The Afghan Taliban tightened their territorial stranglehold around Kabul on Saturday, as refugees from the insurgents' relentless offensive flooded the capital and US Marines returned to oversee emergency evacuations.
With the country's second- and third-largest cities having fallen into Taliban hands, Kabul has effectively become the besieged, last stand for government forces who have offered little or no resistance elsewhere.
Insurgent fighters are now camped just 50 kilometres away, leaving the United States and other countries scrambling to airlift their nationals out of Kabul ahead of a feared all-out assault.
US embassy staff were ordered to begin shredding and burning sensitive material, as units from a planned re-deployment of 3,000 American troops started arriving to secure the airport and oversee the evacuations.
A host of European countries -- including Britain, Germany, Denmark and Spain -- all announced the withdrawal of personnel from their respective embassies on Friday.
For Kabul residents and the tens of thousands who have sought refuge there in recent weeks, the overwhelming mood was one of confusion and fear of what lies ahead.
"We don't know what is going on," one resident, Khairddin Logari, told AFP.
UN Secretary-General Antonio Guterres said he was "deeply disturbed" by accounts of poor treatment of women in areas seized by the Taliban, who imposed an ultra-austere brand of Islam on Afghanistan during their 1996-2001 rule.
"It is particularly horrifying and heartbreaking to see reports of the hard-won rights of Afghan girls and women being ripped away," Guterres said.
The scale and speed of the Taliban advance has shocked Afghans and the US-led alliance that poured billions into the country after toppling the Taliban in the wake of the September 11 attacks nearly 20 years ago.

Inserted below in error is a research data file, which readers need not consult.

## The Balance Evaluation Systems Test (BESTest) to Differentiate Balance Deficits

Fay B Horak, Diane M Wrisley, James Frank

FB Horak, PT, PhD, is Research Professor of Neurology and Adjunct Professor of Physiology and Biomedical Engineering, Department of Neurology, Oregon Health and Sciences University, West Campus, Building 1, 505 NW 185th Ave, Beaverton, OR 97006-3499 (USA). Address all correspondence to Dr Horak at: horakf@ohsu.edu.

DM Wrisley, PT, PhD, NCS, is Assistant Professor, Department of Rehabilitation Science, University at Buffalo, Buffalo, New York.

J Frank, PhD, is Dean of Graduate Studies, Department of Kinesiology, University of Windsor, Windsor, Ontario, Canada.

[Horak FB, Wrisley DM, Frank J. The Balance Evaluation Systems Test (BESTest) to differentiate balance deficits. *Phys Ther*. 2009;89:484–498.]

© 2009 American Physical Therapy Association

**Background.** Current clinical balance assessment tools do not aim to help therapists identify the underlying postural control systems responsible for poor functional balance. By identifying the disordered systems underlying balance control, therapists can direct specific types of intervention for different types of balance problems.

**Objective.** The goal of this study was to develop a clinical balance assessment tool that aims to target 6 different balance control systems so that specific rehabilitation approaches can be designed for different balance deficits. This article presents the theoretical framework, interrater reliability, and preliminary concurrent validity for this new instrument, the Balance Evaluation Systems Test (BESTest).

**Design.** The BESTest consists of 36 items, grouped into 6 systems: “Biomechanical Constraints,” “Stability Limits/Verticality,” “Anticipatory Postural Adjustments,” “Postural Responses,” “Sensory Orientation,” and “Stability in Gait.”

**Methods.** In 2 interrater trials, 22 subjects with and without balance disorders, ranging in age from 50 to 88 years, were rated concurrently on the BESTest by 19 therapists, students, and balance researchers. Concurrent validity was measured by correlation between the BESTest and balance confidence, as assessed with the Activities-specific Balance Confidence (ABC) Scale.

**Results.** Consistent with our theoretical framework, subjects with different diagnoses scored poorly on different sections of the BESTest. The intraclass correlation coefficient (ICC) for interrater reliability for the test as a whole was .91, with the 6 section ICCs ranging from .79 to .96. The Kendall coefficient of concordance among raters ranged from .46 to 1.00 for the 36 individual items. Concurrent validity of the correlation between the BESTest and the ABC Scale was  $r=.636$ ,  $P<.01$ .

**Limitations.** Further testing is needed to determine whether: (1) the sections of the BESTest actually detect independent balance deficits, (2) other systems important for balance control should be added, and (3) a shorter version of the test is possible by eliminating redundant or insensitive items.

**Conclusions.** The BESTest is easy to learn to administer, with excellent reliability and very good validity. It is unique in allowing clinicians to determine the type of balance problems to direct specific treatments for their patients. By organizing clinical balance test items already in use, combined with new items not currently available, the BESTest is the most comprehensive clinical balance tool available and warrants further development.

Days before a final US withdrawal ordered by President Joe Biden, individual soldiers, units and even whole divisions have surrendered -- handing the insurgents even more vehicles and military hardware to fuel their lightning advance.
Despite the frantic evacuation efforts, the Biden administration continues to insist that a complete Taliban takeover is not inevitable.
"Kabul is not right now in an imminent threat environment," Pentagon spokesman John Kirby said Friday, while acknowledging that Taliban fighters were "trying to isolate" the city.
The Taliban offensive has accelerated in recent days, with the capture of Herat in the north and, just hours later, the seizure of Kandahar -- the group's spiritual heartland in the south.
Kandahar resident Abdul Nafi told AFP the city was calm after government forces abandoned it for the sanctuary of military facilities outside, where they were negotiating terms of surrender.
"I came out this morning, I saw Taliban white flags in most squares of the city," he said. "I thought it might be the first day of Eid."
Pro-Taliban social media accounts have boasted of the vast spoils of war captured by the insurgents -- posting photos of armoured vehicles, heavy weapons, and even a drone seized by their fighters at abandoned military bases.
In Herat, the Taliban captured long-time strongman Ismail Khan, who helped lead the defence of the provincial capital along with his militia fighters.
Pul-e-Alam, capital of Loghar province, was the latest city to fall on Friday, putting the Taliban within striking distance of Kabul.
Helicopters flitted back and forth between Kabul's airport and the sprawling US diplomatic compound in the heavily fortified Green Zone -- 46 years after choppers evacuated Americans from Saigon, signalling the end of the Vietnam War.
The US-led evacuation is focused on thousands of people, including embassy employees, and Afghans and their families who fear retribution for working as interpreters or in other support roles for the United States.
Pentagon spokesman Kirby said that most of the troops shepherding the evacuation would be in place by Sunday and "will be able to move thousands per day" out of Afghanistan.
"Capacity is not going to be a problem," he said.
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